4 Simple Steps to Creating an Estate Plan

Published by Beth Schanou, JD

Most of the time, it feels like life is moving at the speed of light. I often feel my entire day, both at home and at the office, is spent in fast forward mode. As if it’s a race to get done as much as possible, I’m running from one thing to the next, all day long, and making sure every household member is fed, cared for, and attends school and their activities. Of course this includes the four-legged members of the family too.

Though our families and activities differ, I believe everyone can relate to over-booked schedules and the desire for some downtime. Imagine if suddenly you were not able to do everything you do now. Your family’s lives would be greatly disrupted. Thinking more deeply beyond the basics of schedules alone, who would raise your children if your spouse was not in the picture? Who would manage finances from bill payments to longer-term expenses like college? These are worthwhile questions to consider and it’s necessary to specify who should perform certain functions and how assets should be managed in the event of a disability or death.

It is common to define estate planning as a plan for our assets after death, but have you ever really wondered what is estate planning? Do not overlook the importance of an estate plan during a person’s life. The typical example is an elderly individual who can no longer handle their own financial decisions.  Having the right documents in place gives authority to a person of their choosing to act on their behalf as Agent. It is not just the elderly who might need an Agent appointed through a Power of Attorney. The young and invincible could suffer a debilitating accident that forever makes them dependent on others. We have seen this happen. Unfortunately it is not as rare as we would like to believe.

The best chance we have to restore some order when life gets disrupted by an unexpected or untimely event is having a plan. Our families deserve having us take time to think through what should happen and who should serve in certain roles so the plan can be implemented to keep chaos to a minimum. For purposes of simplification, I have boiled down the process into four simple steps:

  1. Realize you need an estate plan
  2. Meet with an estate planning attorney
  3. Review drafts and execute your estate planning documents
  4. Update titling and beneficiaries for your assets

Realize you need an estate plan

Accepting the responsibility for creating a plan for your family can be difficult to accept. With school back in session, I hear from my daughters when they had a fire drill. If school administrators didn’t think ahead of time who should be doing what in these circumstances, can you image the disorder and panic that could happen during a real life event? A plan should be thought through before it is needed.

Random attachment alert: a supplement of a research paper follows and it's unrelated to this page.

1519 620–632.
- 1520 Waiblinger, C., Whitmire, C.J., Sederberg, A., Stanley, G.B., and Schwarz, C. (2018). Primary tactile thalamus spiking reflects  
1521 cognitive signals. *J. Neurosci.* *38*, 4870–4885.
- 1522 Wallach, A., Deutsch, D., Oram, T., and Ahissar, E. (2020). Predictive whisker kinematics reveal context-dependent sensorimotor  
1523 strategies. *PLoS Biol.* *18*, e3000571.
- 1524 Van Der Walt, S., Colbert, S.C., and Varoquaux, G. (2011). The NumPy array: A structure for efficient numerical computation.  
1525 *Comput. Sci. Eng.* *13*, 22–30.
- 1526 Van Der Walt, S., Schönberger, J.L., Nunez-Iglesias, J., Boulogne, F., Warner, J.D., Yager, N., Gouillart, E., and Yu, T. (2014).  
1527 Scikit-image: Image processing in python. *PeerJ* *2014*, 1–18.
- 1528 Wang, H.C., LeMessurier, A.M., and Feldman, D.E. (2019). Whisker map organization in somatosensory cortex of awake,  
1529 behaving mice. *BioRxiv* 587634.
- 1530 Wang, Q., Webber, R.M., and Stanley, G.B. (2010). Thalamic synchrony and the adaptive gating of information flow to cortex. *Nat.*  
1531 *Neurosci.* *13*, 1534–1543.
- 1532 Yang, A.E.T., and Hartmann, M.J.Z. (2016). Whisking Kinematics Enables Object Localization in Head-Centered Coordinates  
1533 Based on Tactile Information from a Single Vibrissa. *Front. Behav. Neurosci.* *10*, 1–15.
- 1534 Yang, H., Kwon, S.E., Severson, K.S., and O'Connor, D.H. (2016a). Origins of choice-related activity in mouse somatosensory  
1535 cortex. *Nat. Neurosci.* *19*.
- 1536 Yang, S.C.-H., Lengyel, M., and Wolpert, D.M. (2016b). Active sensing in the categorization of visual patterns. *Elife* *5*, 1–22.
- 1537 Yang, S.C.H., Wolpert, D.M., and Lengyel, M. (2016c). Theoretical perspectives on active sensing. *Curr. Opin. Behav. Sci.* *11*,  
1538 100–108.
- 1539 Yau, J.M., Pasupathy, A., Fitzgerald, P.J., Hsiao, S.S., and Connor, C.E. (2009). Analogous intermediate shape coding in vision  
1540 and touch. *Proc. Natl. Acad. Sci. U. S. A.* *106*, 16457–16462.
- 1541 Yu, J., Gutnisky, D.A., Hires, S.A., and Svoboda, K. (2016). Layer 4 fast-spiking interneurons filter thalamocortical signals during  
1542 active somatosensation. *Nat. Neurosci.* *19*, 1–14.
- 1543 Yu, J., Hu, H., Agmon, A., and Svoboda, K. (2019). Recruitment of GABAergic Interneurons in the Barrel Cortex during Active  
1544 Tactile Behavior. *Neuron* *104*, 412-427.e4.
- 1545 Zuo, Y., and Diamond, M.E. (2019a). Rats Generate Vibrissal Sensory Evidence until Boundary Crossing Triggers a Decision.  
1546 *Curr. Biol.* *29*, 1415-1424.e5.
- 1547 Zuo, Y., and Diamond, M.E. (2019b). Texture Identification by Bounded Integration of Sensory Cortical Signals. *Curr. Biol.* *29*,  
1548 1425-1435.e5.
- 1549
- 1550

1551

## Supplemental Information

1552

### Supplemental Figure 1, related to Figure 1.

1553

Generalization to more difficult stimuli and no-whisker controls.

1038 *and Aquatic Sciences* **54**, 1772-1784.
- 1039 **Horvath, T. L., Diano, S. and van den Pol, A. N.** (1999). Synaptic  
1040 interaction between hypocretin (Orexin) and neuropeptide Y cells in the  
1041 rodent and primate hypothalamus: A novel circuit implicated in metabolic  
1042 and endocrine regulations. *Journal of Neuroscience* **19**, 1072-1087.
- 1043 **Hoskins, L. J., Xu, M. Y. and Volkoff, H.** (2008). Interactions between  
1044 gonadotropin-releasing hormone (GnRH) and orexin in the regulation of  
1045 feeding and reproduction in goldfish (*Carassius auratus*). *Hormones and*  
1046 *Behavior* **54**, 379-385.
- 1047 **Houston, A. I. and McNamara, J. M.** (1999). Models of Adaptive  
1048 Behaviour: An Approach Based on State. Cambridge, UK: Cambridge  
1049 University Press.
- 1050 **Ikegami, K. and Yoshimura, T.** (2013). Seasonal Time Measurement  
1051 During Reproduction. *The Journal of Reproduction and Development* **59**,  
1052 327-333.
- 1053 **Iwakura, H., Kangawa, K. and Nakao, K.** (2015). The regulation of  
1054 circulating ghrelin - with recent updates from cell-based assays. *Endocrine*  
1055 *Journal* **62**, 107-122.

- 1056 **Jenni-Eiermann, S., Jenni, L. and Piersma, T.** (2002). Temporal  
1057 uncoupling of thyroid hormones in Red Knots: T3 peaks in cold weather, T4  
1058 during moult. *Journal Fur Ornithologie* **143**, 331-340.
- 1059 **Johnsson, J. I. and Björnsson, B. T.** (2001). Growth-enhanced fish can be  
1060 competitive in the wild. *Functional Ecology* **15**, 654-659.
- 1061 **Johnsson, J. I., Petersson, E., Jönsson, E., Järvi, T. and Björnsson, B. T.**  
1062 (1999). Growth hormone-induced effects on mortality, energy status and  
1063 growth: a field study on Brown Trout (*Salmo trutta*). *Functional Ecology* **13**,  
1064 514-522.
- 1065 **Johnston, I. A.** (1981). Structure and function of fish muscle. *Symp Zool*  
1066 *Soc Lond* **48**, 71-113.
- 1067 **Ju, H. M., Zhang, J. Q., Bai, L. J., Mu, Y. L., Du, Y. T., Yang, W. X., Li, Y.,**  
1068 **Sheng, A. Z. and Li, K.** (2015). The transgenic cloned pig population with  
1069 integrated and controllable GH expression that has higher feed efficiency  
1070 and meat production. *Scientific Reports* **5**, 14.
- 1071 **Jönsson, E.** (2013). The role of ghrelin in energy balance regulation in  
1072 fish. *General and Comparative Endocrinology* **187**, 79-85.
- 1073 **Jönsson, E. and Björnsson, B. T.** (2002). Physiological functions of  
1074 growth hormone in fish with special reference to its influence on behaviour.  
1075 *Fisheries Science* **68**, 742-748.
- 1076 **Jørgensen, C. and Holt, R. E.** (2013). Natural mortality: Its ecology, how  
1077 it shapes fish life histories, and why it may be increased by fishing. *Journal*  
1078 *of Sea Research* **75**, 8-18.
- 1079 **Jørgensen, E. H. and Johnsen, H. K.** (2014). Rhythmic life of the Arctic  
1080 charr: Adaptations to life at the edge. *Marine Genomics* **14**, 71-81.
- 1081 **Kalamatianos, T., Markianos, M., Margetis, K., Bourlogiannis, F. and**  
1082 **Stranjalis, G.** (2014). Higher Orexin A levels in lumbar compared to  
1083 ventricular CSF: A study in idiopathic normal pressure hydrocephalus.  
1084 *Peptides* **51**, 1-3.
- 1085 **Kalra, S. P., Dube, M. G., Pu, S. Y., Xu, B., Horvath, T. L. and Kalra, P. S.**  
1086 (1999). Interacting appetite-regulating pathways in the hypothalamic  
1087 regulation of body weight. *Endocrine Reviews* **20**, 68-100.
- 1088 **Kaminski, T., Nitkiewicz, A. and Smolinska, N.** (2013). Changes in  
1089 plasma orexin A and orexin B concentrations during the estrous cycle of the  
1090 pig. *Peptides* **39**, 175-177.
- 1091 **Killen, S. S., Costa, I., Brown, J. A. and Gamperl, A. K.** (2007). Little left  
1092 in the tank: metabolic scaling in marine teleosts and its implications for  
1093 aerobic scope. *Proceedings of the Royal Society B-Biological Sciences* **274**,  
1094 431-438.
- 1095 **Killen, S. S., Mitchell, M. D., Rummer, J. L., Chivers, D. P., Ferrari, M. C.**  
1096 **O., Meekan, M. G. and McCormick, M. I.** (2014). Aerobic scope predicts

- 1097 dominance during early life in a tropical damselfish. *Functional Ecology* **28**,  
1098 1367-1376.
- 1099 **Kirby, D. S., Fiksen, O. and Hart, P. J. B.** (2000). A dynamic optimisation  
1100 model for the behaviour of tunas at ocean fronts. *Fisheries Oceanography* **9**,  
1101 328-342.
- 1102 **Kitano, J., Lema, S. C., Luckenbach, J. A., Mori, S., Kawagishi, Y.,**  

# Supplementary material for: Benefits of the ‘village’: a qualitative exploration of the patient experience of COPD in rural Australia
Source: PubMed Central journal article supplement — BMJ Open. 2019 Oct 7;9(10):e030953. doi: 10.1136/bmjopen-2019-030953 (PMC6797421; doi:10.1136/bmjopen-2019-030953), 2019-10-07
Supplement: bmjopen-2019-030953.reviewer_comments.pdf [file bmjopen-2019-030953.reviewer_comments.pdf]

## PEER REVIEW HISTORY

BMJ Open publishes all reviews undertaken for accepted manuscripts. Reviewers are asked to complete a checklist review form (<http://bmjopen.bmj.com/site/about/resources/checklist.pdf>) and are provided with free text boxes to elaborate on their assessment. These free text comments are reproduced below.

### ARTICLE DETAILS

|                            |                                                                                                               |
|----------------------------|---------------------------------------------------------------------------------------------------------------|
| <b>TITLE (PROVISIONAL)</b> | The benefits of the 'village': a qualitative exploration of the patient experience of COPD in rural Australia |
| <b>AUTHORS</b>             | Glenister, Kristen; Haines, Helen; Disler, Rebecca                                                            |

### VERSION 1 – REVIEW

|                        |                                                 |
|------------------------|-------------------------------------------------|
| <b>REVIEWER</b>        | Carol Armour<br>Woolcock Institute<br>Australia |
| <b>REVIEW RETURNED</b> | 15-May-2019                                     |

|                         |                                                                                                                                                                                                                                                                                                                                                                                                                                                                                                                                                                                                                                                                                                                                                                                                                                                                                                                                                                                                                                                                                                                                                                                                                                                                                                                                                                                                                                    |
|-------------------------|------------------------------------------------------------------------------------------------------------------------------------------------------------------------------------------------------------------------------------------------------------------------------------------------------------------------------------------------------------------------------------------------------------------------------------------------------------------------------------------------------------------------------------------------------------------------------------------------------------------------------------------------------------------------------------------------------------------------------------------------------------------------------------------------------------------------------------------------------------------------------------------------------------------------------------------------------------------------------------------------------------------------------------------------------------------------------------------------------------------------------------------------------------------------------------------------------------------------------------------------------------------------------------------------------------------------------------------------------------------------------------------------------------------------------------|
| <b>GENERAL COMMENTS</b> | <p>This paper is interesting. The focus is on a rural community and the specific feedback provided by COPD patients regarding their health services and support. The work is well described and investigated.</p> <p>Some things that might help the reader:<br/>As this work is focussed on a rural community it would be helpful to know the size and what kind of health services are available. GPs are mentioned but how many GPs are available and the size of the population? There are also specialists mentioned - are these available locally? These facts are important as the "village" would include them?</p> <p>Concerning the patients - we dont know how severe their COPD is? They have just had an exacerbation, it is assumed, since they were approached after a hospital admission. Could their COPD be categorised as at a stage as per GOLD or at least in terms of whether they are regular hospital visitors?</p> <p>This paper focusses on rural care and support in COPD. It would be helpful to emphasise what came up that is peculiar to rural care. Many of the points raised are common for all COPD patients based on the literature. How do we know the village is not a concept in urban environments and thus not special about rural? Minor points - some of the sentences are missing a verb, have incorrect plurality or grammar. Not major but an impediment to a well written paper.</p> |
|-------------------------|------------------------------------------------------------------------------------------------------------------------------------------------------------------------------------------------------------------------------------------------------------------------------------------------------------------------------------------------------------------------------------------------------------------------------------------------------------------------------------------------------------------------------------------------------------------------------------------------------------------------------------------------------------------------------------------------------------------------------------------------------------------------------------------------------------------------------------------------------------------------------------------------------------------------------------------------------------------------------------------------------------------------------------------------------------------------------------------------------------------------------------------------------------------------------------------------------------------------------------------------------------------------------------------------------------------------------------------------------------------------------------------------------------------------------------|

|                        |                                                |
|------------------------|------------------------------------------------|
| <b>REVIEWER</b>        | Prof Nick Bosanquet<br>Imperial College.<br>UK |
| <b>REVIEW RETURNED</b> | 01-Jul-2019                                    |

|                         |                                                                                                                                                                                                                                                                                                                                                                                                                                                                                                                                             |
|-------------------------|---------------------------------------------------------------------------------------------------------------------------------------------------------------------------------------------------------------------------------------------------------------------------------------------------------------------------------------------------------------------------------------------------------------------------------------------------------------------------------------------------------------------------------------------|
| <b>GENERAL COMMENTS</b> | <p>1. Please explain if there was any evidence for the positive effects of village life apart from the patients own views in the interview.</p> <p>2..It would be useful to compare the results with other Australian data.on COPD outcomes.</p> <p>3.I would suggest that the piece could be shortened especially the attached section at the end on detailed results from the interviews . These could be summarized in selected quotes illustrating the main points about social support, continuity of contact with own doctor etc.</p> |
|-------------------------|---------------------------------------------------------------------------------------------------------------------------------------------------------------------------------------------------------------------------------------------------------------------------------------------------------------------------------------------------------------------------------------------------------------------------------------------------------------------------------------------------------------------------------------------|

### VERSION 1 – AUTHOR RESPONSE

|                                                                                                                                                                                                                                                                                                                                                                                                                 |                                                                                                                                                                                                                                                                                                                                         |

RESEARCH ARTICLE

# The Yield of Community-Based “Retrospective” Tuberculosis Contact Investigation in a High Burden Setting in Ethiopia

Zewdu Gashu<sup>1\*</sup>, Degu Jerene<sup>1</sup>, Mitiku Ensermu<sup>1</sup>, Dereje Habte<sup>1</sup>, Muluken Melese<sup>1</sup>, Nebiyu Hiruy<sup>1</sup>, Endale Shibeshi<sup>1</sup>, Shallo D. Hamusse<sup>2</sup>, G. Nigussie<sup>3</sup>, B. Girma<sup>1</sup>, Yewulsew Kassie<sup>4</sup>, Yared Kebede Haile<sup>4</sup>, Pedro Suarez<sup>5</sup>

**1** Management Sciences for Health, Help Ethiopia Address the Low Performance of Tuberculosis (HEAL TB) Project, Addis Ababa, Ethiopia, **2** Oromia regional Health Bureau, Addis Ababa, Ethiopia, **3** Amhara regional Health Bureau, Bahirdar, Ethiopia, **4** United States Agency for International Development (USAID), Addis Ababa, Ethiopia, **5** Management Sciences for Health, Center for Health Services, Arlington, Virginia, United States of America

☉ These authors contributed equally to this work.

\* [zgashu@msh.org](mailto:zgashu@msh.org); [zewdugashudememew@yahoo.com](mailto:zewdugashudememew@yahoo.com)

Meet with an estate planning attorney

Once you accept responsibility for creating a plan, take action by scheduling a meeting with an estate planning attorney. During this stage, your plan will begin to take shape.  During the course of your meeting with the attorney, together you will design your personalized estate plan.

Review drafts & execute your estate planning documents

Once the concept of your plan has been outlined, the estate planning attorney will formalize your plan in draft documents. Take time to review the documents. Many attorneys will provide a summary or highlight the key provisions of the plan. Most of the language is necessary to ensure the documents meet legal requirements so do not worry about not understanding the entire thing. Focus on who is named to take action and how your assets would be administered and distributed. Do not be afraid to ask questions, but do not become paralyzed and allow the process to stop. Gain an understanding and comfort with your plan and schedule the next appointment to execute your estate plan.

Update titling and beneficiaries for your assets

Your estate planning attorney will conclude the process with recommendations for asset titling and beneficiary designations. Some estate plans might not require any title or beneficiary changes, but if changes are needed, do not underestimate the importance of this step. Take a retirement account as an example. If your brother is the named beneficiary, he will inherit that account regardless of what your Will states. Likewise, if you own an account jointly with rights of survivorship with one of your children, then that child receives the entire account at your passing even if you have three other children.

At our firm, we focus on holistic planning, which is not limited to investments or retirement planning alone. Instead, we think of the various parts of someone’s financial life as puzzle pieces, and we strive to put the pieces together to form a clearer picture. For personalized assistance, contact a Wealth Advisor today.

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